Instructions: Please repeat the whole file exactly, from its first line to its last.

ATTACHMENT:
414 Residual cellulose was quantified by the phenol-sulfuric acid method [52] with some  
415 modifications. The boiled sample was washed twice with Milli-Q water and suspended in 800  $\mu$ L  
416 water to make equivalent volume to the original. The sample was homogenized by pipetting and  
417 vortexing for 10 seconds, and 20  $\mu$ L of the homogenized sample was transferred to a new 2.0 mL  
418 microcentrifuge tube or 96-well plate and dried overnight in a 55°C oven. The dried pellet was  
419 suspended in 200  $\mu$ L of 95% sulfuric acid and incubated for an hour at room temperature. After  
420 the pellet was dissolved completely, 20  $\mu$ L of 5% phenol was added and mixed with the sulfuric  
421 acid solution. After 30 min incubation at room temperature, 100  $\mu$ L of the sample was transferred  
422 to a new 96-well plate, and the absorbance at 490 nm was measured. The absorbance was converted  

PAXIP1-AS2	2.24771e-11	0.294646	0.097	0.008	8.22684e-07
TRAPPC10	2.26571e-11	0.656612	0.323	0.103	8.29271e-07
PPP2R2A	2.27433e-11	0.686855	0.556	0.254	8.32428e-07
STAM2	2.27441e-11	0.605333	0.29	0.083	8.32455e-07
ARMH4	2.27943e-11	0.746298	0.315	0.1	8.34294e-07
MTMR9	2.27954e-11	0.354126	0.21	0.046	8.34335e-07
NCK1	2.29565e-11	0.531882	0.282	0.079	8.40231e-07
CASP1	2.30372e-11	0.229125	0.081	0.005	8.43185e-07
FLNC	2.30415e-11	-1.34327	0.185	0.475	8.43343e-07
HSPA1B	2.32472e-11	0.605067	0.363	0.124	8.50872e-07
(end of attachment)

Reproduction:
414 Residual cellulose was quantified by the phenol-sulfuric acid method [52] with some  
415 modifications. The boiled sample was washed twice with Milli-Q water and suspended in 800  $\mu$ L  
416 water to make equivalent volume to the original. The sample was homogenized by pipetting and  
417 vortexing for 10 seconds, and 20  $\mu$ L of the homogenized sample was transferred to a new 2.0 mL  
418 microcentrifuge tube or 96-well plate and dried overnight in a 55°C oven. The dried pellet was  
419 suspended in 200  $\mu$ L of 95% sulfuric acid and incubated for an hour at room temperature. After  
420 the pellet was dissolved completely, 20  $\mu$ L of 5% phenol was added and mixed with the sulfuric  
421 acid solution. After 30 min incubation at room temperature, 100  $\mu$ L of the sample was transferred  
422 to a new 96-well plate, and the absorbance at 490 nm was measured. The absorbance was converted  

PAXIP1-AS2	2.24771e-11	0.294646	0.097	0.008	8.22684e-07
TRAPPC10	2.26571e-11	0.656612	0.323	0.103	8.29271e-07
PPP2R2A	2.27433e-11	0.686855	0.556	0.254	8.32428e-07
STAM2	2.27441e-11	0.605333	0.29	0.083	8.32455e-07
ARMH4	2.27943e-11	0.746298	0.315	0.1	8.34294e-07
MTMR9	2.27954e-11	0.354126	0.21	0.046	8.34335e-07
NCK1	2.29565e-11	0.531882	0.282	0.079	8.40231e-07
CASP1	2.30372e-11	0.229125	0.081	0.005	8.43185e-07
FLNC	2.30415e-11	-1.34327	0.185	0.475	8.43343e-07
HSPA1B	2.32472e-11	0.605067	0.363	0.124	8.50872e-07